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Clin Exp Reprod Med > Volume 40(4); 2013 > Article
Song, Won, Yoon, Cha, Shim, and Shim: A case of the rare variant of Klinefelter syndrome 47,XY,i(X)(q10)

Abstract

Klinefelter syndrome is the most common genetic form of male hypogonadism, but the phenotype becomes evident only after puberty. It is characterized by infertility, small testes, sparse body and facial hair, increased body weight, gynecomastia, increased LH and FSH, and a low level of testosterone. Early recognition and treatment of Klinefelter syndrome can significantly improve the patient's quality of life and prevent serious consequences. Here, we report an infertile man with a rare variant of Klinefelter syndrome with a 47, XY, i(X)(q10) karyotype.

Introduction

Klinefelter syndrome is the most common genetic form of male hypogonadism, but the phenotype becomes evident only after puberty [1]. It is characterized by infertility, small testes, sparse body and facial hair, increased body weight, gynecomastia, increased LH and FSH, and a low level of testosterone [2]. Genetic counseling for these patients is important considering the progressive nature of hypogonadal features in Klinefelter syndrome. When serum testosterone concentrations in patients with Klinefelter syndrome become low, life-long substitution therapy is indicated and should be started as early as possible to avoid symptoms and sequelae of androgen deficiency. Early recognition and treatment of Klinefelter syndrome can significantly improve the patient's quality of life and prevent serious consequences.
About 80% of cases of Klinefelter syndrome are due to a supernumerary X chromosome (47,XXY) and the remaining 20% have 46XY/XXY mosacism or higher grade sex chromosomal aneuploidies (48, XXXY, 48XXYY, 49XXXXY) [3-5]. Here, we report an infertile man with a rare variant of Klinefelter syndrome with a 47, XY, i(X)(q10) karyotype.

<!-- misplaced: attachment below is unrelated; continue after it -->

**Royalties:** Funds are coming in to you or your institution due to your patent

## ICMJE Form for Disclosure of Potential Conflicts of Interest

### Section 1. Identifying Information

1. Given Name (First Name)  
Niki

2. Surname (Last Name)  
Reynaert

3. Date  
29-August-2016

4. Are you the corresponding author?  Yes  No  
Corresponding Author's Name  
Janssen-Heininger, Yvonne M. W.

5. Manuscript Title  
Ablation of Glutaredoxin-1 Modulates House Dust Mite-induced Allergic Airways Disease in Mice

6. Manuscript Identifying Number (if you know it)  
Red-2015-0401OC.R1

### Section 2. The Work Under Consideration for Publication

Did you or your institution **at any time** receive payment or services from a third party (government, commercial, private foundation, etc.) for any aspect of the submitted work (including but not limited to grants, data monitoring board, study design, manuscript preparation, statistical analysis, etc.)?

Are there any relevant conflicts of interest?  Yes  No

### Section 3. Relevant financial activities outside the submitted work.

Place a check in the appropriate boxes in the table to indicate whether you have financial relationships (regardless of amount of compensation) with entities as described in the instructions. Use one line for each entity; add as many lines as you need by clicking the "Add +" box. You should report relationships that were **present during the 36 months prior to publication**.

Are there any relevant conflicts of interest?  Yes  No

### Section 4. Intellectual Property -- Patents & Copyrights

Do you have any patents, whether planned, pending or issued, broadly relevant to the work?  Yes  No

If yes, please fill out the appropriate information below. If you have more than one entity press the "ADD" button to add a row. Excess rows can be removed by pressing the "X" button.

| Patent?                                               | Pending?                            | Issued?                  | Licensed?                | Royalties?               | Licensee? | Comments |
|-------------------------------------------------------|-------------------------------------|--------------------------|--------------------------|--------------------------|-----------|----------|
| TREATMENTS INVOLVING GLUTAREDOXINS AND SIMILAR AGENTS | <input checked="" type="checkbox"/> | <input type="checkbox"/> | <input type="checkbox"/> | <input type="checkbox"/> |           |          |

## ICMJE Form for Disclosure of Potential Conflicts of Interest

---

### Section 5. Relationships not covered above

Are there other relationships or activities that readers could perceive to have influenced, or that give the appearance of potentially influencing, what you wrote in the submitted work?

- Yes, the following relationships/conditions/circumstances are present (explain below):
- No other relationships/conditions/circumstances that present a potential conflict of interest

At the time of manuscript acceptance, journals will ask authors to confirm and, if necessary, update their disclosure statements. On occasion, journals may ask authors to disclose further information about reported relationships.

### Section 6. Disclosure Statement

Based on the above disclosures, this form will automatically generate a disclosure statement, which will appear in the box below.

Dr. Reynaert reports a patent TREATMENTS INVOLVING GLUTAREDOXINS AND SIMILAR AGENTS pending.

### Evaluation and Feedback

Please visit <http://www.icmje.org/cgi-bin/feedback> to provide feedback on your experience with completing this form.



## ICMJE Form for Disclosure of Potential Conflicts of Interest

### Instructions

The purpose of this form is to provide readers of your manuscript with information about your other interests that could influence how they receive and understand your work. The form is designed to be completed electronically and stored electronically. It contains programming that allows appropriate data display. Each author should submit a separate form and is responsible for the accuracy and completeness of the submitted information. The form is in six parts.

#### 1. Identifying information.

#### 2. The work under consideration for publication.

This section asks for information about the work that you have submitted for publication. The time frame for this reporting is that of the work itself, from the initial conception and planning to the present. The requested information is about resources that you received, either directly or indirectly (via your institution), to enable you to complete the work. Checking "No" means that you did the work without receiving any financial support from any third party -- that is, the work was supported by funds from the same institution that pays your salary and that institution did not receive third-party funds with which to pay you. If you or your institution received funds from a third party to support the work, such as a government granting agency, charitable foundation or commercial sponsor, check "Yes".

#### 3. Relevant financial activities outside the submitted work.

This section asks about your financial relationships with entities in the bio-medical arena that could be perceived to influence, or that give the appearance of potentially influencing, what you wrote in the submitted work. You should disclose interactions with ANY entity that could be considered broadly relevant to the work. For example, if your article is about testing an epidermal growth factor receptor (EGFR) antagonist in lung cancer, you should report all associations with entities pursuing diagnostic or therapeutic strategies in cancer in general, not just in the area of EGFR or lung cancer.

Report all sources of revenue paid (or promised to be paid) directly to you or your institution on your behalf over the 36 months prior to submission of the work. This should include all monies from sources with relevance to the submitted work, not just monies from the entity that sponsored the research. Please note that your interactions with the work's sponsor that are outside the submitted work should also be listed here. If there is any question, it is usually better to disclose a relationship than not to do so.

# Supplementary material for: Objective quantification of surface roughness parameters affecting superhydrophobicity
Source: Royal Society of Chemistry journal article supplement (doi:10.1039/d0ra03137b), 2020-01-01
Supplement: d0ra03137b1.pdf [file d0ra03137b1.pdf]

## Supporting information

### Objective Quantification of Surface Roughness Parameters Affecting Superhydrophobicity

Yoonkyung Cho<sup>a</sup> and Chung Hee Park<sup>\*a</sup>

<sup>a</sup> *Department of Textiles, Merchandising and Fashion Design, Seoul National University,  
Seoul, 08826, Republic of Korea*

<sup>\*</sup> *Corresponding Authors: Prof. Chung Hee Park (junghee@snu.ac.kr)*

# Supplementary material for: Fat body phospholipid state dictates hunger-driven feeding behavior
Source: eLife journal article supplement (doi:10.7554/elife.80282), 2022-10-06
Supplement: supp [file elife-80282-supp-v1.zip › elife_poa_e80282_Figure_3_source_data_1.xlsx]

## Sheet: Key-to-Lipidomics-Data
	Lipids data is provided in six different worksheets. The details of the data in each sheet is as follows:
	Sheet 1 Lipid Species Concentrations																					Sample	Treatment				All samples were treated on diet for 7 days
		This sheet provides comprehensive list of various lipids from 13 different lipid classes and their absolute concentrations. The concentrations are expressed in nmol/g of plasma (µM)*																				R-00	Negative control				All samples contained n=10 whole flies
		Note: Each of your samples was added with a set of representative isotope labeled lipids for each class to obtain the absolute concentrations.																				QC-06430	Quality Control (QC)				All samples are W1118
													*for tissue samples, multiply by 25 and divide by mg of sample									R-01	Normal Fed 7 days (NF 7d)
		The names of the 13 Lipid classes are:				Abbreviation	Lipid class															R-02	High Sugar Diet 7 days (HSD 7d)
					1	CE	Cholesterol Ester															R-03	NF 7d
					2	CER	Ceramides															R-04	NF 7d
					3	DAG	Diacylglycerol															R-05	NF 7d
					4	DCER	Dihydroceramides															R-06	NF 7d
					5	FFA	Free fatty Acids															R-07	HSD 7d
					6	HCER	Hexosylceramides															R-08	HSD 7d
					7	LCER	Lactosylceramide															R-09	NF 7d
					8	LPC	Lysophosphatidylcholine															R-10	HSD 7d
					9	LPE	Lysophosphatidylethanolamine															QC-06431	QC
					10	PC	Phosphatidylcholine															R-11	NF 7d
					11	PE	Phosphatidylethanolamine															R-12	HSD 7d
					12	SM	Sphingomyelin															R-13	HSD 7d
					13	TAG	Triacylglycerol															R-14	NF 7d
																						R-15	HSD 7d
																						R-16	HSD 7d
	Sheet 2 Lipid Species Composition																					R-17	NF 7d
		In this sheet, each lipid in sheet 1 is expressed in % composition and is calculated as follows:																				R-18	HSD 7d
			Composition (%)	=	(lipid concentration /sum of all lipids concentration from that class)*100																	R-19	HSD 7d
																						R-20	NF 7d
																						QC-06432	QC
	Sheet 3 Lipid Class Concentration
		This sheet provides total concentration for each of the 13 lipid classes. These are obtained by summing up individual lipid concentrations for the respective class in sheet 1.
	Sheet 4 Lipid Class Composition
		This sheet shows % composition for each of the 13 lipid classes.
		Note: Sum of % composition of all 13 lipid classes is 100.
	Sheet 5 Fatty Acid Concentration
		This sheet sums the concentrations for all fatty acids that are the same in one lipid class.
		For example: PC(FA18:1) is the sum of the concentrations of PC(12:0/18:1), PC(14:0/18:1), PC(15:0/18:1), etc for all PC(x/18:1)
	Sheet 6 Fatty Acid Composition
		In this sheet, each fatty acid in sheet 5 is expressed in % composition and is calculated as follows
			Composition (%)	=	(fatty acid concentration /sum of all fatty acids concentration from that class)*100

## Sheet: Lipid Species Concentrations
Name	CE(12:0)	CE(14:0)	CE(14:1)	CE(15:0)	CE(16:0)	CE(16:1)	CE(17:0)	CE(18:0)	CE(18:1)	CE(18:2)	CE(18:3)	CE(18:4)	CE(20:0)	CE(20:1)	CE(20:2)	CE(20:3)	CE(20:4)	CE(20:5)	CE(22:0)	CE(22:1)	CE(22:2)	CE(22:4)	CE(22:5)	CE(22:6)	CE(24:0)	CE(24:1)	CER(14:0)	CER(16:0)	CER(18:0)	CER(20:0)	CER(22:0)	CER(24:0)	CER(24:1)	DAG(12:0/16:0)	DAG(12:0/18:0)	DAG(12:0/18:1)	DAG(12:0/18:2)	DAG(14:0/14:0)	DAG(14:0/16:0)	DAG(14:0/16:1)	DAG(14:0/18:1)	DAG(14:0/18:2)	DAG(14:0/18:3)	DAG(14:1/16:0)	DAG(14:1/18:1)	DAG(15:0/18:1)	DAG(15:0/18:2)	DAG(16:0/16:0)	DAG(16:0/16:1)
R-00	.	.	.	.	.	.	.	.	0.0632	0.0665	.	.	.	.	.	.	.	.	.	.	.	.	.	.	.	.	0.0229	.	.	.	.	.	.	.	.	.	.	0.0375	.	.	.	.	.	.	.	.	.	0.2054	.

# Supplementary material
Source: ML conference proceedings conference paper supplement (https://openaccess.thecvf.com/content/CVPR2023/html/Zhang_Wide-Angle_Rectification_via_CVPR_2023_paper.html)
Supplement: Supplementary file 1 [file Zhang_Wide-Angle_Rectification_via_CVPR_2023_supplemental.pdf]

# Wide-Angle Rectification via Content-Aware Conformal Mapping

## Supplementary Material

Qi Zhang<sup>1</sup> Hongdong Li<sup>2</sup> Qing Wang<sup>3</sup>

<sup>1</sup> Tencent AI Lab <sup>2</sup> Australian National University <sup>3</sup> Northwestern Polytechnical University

Case report

The 33-year-old patient, who had been born to a 25-year-old woman and her 30-year-old husband, was referred to a male infertility clinic due to azoospermia. The patient generally looked healthy with a normal male appearance. His height was 160 cm, body weight 53 kg, and body mass index 20.7 kg/m2. There was a normal male pattern of body hair, and he had no gynecomastia. No mental retardation was observed. Examination of the external genitalia revealed both small testes to be normally positioned, but on palpation they had a soft consistency and a volume of 5 mL each. There were no abnormalities of the epididymis or the vas deferens and no signs of varicocele.
The family history of infertility was negative, and the fertility tests for his younger brother were normal. From two semen analyses by centrifugation, he was diagnosed with complete azoospermia. Endocrinologic investigation revealed elevated FSH and LH levels with FSH 69.04 mIU/mL (normal range, 1.27-19.26 mIU/mL), LH 22.17 mIU/mL (normal range, 1.24-8.62 mIU/mL), prolactin 26.48 mIU/mL (normal range, 2.64-13.13 mIU/mL), and testosterone 2.31 mIU/mL (normal range, 2.80-8.00 mIU/mL).
Metaphase spreads from the lymphocytes were prepared and trypsin-Giemsa banded according to standard techniques. His karyotype revealed 47,X,i(Xq),Y on 50 metaphase chromosomes with no mosaicism, and all of the isochromosomes were apparently monocentric (Figure 1). The microdissection for testicular sperm extraction was negative, and the histology of a testes biopsy revealed severe tubular atrophy showing only a few atrophic seminiferous tubules showing Sertoli cells only with Leydig cell hyperplasia (Figure 2). Genetic counseling about the disease was performed, and the possible usage of donor sperm was discussed for the fertility problem. Androgen replacement therapy was also recommended to avoid symptoms and sequelae of androgen deficiency.